Lingering Cough: When You Need Antibiotics

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When to Treat a Cough With Antibiotics

When to Treat a Cough With Antibiotics | The Survival Doctorby James Hubbard, MD, MPH

In case you haven’t noticed, it’s the cold and flu season. In fact my last few posts have dealt with “Flu Shots: The Good and the Bad,” things you can to do if you get the flu, and “How NOT to Die From the Flu.”

But now, your cold or flu symptoms are over, except for that lingering cough. Do you need antibiotics? How long can a cough linger and just be related to getting over your virus?

Two new studies investigate these questions and give some surprising (at least to me) findings—findings that I think might help you decide for yourself, especially if you can’t get medical help and antibiotics are in short supply.

Article Contents

Is your cough from bacteria?
Antibiotics: benefits vs. harm
How long do coughs linger?
Signs you need antibiotics

Is the Lingering Cough From Bacteria?

First you should know that the majority of bronchial (lung) infections are caused by viruses. Antibiotics don’t kill viruses. And yet we doctors continue to prescribe them for most of those types of infections. Why?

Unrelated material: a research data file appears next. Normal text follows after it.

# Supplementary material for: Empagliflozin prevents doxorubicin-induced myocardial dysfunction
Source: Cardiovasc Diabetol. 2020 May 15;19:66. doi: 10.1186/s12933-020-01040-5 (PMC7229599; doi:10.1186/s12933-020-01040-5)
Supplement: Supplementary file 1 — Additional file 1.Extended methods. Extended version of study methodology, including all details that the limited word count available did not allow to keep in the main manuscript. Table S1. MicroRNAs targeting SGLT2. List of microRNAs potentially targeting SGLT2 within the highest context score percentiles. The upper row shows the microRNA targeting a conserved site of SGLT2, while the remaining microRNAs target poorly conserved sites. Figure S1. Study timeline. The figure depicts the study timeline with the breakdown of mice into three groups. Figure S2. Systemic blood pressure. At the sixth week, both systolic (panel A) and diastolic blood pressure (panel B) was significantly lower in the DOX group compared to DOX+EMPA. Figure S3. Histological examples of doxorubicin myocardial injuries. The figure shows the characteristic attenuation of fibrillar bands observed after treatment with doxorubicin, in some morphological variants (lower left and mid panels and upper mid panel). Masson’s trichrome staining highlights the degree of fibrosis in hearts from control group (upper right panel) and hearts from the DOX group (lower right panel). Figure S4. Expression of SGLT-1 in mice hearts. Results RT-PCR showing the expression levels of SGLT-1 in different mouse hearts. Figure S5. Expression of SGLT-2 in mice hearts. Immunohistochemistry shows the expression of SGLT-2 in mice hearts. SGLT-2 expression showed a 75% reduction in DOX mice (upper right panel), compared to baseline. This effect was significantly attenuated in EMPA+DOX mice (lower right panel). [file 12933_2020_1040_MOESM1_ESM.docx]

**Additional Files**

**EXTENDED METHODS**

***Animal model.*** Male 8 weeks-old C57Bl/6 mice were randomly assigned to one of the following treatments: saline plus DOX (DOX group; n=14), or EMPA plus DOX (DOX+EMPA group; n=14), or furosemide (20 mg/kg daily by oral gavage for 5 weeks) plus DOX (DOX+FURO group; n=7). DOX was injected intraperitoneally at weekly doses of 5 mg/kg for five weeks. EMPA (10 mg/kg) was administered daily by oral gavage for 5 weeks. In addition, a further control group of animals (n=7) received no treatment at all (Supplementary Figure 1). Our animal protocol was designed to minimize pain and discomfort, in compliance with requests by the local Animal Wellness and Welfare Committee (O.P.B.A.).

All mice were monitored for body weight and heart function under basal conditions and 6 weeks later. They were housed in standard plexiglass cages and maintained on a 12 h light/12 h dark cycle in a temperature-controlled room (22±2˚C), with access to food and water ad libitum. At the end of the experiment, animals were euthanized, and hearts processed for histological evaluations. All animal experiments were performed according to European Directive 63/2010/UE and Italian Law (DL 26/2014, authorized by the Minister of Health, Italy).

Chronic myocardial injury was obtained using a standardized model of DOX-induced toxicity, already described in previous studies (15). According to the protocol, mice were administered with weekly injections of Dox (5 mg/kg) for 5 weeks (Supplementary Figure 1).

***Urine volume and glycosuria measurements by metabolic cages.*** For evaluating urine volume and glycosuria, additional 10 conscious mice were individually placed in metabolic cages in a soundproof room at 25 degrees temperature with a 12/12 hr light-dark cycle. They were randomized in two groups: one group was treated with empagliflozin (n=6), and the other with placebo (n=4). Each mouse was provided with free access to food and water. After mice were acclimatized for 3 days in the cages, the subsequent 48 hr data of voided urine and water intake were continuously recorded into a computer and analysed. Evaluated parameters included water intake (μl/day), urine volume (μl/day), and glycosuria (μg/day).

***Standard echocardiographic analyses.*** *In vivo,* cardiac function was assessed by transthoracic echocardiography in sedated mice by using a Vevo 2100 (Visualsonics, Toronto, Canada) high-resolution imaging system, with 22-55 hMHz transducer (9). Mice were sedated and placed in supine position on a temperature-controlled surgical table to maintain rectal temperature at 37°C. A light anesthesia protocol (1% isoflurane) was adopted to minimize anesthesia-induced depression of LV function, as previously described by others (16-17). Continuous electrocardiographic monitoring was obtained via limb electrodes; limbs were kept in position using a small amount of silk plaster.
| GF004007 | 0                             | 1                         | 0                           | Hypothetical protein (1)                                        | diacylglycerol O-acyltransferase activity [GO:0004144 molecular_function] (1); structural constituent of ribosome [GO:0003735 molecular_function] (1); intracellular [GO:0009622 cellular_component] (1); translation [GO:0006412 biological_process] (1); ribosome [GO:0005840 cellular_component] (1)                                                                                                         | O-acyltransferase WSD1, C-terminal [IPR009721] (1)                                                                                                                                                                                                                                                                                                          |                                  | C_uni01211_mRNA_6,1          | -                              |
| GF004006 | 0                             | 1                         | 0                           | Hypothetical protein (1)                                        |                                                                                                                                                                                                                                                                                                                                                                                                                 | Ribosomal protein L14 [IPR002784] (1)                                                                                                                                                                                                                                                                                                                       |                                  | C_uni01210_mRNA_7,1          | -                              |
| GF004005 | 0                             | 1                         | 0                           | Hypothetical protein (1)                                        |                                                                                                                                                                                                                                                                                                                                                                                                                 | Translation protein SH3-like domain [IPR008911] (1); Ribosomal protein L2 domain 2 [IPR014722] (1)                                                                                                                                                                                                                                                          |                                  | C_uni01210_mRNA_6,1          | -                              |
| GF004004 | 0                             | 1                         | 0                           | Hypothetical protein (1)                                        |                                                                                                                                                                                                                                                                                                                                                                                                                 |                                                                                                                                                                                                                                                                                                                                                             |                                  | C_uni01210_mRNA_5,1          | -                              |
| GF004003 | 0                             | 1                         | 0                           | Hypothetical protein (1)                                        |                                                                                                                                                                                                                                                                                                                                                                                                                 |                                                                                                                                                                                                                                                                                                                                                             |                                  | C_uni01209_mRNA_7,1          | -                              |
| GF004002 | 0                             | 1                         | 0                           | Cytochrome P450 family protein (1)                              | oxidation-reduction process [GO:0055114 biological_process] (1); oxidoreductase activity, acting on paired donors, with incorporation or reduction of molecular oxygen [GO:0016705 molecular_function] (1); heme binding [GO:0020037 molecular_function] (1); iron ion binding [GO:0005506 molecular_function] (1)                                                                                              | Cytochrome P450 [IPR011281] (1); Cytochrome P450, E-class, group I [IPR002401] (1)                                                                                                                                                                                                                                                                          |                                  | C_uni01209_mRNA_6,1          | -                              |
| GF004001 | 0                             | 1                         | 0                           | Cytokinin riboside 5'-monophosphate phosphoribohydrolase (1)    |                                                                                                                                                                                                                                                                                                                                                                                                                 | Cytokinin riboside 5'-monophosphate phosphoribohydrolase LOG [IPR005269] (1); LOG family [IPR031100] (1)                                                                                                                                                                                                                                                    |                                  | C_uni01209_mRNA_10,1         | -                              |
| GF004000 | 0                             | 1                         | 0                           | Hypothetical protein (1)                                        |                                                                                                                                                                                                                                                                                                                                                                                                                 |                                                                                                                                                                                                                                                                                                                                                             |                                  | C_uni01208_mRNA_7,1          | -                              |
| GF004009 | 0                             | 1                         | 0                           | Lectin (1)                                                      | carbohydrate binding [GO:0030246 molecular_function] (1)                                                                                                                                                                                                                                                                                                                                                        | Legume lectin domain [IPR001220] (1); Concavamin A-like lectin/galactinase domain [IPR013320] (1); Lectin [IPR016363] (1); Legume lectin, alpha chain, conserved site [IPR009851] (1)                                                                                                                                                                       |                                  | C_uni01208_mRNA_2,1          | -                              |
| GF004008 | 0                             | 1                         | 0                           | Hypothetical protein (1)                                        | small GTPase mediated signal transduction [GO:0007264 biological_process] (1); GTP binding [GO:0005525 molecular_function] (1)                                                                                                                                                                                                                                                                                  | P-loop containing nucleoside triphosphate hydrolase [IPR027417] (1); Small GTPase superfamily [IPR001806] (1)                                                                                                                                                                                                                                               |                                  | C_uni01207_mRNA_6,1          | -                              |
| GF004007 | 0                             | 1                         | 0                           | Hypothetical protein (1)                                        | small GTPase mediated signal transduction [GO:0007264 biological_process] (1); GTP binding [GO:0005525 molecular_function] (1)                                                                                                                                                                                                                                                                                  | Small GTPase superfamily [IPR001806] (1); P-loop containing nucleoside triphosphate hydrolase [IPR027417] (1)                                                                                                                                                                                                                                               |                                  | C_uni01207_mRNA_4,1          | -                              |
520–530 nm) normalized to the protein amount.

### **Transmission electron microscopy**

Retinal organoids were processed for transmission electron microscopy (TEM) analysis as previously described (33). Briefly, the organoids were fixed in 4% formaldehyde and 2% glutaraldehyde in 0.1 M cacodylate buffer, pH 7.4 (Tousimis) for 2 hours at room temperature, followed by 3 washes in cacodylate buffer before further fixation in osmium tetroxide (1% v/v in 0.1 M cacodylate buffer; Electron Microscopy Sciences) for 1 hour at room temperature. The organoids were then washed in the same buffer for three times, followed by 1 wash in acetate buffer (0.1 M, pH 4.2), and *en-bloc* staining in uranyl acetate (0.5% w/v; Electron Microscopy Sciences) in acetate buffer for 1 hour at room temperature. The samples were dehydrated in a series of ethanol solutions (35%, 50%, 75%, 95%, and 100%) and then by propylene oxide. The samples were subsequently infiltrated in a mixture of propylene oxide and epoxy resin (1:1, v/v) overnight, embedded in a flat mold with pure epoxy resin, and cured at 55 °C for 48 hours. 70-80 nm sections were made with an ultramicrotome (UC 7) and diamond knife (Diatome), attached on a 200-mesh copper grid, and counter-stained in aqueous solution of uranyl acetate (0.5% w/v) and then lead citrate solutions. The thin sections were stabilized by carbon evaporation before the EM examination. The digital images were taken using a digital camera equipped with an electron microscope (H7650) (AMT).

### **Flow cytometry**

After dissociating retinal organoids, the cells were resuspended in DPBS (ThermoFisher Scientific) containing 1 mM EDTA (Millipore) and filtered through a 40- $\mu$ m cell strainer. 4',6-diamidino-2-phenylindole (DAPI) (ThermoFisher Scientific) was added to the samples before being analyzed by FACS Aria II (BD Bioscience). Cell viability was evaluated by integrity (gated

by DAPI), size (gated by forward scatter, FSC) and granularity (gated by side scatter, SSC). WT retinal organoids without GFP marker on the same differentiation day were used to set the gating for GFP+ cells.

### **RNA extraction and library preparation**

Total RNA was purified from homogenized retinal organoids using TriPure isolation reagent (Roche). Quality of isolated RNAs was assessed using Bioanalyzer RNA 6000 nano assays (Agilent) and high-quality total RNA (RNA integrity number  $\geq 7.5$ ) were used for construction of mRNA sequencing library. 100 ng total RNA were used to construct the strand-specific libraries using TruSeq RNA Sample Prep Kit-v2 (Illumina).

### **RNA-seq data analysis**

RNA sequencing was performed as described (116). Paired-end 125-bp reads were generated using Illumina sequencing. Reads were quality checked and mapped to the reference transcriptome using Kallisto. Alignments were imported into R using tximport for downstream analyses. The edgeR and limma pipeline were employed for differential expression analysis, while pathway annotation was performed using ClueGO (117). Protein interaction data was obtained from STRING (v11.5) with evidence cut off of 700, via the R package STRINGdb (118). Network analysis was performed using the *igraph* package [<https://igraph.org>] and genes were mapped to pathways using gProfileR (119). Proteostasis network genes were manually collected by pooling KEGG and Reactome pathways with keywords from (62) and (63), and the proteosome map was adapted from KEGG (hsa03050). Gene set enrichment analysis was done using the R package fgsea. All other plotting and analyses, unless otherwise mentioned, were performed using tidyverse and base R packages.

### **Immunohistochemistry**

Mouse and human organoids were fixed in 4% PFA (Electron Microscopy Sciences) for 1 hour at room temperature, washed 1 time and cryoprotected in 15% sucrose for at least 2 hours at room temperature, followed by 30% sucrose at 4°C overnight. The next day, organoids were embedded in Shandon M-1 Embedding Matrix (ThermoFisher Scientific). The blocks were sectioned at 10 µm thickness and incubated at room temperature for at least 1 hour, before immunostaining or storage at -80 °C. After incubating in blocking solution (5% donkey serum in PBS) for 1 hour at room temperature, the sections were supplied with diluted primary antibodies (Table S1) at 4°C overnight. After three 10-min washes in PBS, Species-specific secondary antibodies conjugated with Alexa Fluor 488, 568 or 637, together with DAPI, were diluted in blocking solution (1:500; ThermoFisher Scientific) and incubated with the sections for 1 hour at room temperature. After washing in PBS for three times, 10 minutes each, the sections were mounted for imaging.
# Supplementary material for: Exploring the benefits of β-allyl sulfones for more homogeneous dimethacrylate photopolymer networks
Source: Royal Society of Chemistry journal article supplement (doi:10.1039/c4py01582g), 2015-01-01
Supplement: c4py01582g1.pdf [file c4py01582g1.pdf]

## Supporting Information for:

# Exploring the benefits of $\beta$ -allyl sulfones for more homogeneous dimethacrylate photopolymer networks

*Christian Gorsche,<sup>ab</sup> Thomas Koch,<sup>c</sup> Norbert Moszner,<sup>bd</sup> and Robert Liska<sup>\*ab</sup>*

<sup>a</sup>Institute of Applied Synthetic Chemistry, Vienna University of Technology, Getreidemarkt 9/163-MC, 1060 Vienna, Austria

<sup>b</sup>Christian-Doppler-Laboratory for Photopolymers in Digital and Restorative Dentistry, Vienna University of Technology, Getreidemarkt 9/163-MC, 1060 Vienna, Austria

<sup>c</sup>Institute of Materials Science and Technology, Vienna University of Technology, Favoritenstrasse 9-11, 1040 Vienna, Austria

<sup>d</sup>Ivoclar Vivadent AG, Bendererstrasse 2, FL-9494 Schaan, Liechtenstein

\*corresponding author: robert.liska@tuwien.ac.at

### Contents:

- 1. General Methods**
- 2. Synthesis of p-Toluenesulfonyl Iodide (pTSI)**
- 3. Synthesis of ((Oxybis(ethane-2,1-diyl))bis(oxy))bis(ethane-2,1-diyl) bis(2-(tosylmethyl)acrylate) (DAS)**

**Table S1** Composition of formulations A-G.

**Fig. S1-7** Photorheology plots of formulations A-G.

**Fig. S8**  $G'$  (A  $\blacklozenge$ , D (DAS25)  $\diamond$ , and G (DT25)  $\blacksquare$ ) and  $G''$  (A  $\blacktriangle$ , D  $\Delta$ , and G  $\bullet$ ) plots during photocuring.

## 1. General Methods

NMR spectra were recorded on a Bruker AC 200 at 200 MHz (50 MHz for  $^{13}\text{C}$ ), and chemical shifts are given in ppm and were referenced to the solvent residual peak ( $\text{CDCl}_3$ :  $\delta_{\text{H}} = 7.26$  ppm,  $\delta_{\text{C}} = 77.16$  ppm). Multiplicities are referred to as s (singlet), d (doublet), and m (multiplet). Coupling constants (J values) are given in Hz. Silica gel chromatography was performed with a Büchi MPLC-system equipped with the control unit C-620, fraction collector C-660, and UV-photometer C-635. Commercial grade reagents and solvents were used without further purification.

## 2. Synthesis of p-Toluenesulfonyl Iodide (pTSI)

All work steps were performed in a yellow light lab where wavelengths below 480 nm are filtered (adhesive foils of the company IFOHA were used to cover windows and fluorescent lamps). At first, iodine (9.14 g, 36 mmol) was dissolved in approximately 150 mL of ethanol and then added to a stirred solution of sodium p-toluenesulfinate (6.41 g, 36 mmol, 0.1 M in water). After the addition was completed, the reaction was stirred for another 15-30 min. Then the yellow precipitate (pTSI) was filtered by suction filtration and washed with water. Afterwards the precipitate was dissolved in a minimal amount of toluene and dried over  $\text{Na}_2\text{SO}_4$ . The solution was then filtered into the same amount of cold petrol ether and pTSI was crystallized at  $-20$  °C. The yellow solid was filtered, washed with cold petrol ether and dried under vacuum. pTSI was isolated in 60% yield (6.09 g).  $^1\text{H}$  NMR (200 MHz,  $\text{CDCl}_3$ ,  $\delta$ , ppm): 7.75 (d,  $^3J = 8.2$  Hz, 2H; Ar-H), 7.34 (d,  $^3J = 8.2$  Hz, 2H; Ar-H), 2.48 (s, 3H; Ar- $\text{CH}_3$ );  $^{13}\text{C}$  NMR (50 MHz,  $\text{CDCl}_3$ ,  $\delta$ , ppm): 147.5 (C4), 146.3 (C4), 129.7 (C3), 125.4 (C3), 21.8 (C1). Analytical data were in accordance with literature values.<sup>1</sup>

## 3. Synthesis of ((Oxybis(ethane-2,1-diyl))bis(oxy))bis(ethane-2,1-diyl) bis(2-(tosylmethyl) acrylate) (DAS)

Well, for one reason we’re trying to please you patients. I know that’s a kind of wimpy excuse but it’s true. Many patients get upset if they’ve gone to the trouble to come in for an office visit for a lingering cough, and all they hear is that it’s probably viral; take some over-the-counter somethings and it’ll run its course. Many see it as wasted time and money.

So, prescribing antibiotics is easier than asking you to wait, give your body a chance to fight it off, and come back if you’re not better in a week or two.

Don’t like that excuse? Okay, how about this? We’re afraid we’re going miss the few episodes of bronchitis (inflammation in the lungs that causes coughing) that are bacterial. Even from a detailed history and exam, it can be hard to tell for sure. We’re worried we might miss one, and then you have to come back in worse than ever, or even end up in the hospital—or that we might be missing an early bacterial pneumonia. You can die from that you know.

So what’s the big deal? Why not just antibiotics for all? Find out why on the next page.